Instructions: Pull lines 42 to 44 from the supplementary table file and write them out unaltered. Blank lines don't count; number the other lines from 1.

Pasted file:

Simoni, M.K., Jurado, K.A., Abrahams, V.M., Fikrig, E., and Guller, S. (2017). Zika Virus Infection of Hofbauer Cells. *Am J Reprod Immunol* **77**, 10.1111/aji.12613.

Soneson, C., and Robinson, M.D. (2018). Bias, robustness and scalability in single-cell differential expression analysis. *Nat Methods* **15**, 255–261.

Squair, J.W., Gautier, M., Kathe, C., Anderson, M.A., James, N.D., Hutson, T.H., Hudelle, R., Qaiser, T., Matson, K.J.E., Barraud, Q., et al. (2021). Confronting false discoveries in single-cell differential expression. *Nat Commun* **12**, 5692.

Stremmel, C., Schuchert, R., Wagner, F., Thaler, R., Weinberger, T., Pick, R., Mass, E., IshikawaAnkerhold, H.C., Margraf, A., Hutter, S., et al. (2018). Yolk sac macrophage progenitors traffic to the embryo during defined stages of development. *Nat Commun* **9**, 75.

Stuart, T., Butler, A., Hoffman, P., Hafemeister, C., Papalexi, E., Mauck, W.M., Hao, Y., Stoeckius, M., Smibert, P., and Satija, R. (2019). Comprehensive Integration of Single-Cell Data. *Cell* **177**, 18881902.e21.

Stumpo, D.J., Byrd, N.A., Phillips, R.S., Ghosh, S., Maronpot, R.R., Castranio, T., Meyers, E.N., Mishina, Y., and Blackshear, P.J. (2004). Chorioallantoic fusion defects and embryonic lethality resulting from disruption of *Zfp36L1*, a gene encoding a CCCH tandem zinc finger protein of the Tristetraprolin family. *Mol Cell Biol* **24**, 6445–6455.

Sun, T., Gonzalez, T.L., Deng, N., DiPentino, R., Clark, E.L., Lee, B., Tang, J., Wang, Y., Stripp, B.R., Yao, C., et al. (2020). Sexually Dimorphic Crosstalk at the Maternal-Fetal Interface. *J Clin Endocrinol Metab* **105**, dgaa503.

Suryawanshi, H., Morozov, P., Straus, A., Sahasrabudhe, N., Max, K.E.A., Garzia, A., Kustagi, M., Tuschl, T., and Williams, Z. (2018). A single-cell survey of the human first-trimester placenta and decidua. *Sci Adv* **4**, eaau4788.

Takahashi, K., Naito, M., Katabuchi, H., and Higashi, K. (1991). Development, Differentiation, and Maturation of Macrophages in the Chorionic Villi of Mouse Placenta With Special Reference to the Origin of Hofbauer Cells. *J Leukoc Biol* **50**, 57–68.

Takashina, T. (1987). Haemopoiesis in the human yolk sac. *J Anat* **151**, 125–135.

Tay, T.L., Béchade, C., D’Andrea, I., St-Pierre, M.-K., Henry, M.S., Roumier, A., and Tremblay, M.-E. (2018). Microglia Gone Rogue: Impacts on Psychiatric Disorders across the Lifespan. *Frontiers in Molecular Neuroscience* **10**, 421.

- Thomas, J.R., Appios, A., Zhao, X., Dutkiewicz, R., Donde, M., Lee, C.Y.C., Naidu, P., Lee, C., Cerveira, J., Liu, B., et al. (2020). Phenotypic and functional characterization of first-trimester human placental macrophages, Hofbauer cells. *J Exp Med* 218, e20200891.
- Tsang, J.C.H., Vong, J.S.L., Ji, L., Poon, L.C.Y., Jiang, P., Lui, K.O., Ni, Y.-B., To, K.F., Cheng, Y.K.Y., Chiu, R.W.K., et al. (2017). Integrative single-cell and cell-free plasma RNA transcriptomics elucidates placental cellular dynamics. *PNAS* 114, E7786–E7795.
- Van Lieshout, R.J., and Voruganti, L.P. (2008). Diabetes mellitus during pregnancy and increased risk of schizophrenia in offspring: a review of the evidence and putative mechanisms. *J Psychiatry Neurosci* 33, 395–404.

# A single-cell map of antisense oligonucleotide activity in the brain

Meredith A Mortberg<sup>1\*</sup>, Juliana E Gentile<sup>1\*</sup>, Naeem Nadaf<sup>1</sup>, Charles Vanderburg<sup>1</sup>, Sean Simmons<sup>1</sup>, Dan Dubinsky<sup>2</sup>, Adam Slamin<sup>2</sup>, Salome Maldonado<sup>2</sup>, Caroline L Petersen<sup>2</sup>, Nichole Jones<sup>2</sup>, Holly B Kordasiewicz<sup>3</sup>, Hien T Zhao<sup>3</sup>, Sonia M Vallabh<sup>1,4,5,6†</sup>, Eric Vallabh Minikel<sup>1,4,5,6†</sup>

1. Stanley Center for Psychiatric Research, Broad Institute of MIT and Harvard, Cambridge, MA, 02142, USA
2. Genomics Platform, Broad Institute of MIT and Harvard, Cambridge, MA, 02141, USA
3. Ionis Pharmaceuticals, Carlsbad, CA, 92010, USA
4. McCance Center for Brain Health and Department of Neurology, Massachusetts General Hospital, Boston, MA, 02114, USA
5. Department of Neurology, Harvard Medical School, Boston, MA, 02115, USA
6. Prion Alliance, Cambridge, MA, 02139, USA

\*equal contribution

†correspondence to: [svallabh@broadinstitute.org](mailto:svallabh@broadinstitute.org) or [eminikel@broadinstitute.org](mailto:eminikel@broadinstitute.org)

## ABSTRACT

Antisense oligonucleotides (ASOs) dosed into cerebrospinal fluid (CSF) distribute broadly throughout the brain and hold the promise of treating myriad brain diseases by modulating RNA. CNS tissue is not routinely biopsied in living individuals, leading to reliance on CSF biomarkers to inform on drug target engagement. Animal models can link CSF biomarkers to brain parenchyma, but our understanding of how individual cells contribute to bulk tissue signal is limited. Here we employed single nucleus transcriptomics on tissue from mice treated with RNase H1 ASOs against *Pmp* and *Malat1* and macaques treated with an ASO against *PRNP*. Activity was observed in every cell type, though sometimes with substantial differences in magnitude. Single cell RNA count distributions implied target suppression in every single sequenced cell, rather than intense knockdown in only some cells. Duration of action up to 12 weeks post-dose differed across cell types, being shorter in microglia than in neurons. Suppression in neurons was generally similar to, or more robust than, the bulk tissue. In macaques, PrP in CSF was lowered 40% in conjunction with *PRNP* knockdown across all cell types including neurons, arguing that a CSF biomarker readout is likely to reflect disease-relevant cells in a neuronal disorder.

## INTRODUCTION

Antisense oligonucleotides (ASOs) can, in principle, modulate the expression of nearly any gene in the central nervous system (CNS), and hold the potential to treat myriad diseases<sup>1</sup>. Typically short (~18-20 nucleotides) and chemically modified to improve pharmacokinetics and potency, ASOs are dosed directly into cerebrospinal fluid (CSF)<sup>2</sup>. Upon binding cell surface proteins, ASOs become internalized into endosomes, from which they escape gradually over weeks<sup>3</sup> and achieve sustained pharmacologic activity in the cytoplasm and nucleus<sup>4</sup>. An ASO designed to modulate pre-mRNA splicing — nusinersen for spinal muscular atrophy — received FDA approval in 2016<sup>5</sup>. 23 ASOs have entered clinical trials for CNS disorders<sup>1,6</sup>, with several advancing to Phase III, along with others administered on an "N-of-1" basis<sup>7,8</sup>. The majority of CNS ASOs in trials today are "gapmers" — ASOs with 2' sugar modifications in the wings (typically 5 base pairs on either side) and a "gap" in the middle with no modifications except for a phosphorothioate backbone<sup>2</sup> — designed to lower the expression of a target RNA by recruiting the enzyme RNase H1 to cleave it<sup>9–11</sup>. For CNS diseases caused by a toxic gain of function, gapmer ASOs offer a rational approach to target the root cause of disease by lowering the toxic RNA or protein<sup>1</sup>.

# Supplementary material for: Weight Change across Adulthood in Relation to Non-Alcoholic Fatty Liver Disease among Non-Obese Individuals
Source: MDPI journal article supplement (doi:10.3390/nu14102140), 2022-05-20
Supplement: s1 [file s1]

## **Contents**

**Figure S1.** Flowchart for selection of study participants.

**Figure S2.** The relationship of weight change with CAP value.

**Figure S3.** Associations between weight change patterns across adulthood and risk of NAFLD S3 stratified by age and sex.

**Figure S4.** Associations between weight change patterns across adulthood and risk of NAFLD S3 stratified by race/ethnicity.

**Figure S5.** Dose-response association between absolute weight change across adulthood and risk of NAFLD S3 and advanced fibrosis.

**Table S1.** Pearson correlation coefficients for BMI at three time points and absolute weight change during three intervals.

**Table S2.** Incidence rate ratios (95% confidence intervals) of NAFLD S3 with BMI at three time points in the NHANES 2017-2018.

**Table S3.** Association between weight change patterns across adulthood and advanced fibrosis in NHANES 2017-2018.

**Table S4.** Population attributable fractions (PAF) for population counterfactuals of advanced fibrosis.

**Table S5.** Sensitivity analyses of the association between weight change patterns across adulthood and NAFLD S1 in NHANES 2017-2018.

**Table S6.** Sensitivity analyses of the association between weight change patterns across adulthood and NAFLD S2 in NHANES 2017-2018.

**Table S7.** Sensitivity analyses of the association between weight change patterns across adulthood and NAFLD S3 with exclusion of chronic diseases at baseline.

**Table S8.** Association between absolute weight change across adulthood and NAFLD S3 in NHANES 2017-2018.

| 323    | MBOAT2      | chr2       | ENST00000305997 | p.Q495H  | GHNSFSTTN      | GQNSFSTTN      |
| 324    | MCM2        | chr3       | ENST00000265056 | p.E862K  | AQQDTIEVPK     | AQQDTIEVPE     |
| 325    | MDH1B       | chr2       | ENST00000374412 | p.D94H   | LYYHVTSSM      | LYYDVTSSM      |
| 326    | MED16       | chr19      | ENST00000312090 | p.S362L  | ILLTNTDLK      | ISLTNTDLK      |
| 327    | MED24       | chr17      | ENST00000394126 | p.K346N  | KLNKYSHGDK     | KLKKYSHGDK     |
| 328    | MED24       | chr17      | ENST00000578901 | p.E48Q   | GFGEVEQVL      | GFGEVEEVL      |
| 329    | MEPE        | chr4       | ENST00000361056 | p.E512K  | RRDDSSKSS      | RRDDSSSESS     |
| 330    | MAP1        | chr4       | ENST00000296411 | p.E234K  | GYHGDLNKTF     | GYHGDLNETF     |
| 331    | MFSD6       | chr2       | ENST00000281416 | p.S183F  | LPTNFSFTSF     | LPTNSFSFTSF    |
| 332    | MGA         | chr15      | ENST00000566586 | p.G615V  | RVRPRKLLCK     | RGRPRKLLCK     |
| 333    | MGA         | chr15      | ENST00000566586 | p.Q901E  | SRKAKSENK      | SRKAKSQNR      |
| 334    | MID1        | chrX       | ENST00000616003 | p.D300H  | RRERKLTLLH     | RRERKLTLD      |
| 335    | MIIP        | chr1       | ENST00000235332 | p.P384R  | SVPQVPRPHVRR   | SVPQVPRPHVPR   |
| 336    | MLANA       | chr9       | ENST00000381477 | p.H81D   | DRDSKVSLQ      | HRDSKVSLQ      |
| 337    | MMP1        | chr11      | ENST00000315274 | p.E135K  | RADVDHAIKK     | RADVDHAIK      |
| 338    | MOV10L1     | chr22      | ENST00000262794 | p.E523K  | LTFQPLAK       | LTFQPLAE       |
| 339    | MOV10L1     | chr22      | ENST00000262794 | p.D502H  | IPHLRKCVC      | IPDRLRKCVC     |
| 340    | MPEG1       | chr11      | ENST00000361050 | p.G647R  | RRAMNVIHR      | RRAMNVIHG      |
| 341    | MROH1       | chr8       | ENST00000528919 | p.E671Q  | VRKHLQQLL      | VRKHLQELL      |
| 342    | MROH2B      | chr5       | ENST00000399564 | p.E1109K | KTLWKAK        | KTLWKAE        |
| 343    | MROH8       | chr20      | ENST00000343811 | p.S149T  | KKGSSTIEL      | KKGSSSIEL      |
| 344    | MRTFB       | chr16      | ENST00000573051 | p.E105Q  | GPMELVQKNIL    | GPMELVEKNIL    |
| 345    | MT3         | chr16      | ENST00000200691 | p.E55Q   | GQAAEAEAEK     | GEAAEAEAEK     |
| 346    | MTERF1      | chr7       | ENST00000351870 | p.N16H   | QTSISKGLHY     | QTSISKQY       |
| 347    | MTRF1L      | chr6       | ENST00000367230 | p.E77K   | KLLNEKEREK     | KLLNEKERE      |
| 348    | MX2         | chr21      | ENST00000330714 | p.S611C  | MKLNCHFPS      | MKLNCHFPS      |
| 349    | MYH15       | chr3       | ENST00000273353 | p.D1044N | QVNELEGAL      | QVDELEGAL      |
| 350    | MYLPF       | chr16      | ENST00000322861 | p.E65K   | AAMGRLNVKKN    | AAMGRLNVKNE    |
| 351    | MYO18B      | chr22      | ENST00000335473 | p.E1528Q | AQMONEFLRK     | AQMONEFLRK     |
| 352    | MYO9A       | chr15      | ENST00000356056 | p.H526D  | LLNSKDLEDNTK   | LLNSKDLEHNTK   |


**Table S5.** Sensitivity analyses of the association between weight change patterns across adulthood and NAFLD S1 in NHANES 2017-2018.

**Table S6.** Sensitivity analyses of the association between weight change patterns across adulthood and NAFLD S2 in NHANES 2017-2018.

**Table S7.** Sensitivity analyses of the association between weight change patterns across adulthood and NAFLD S3 with exclusion of chronic diseases at baseline.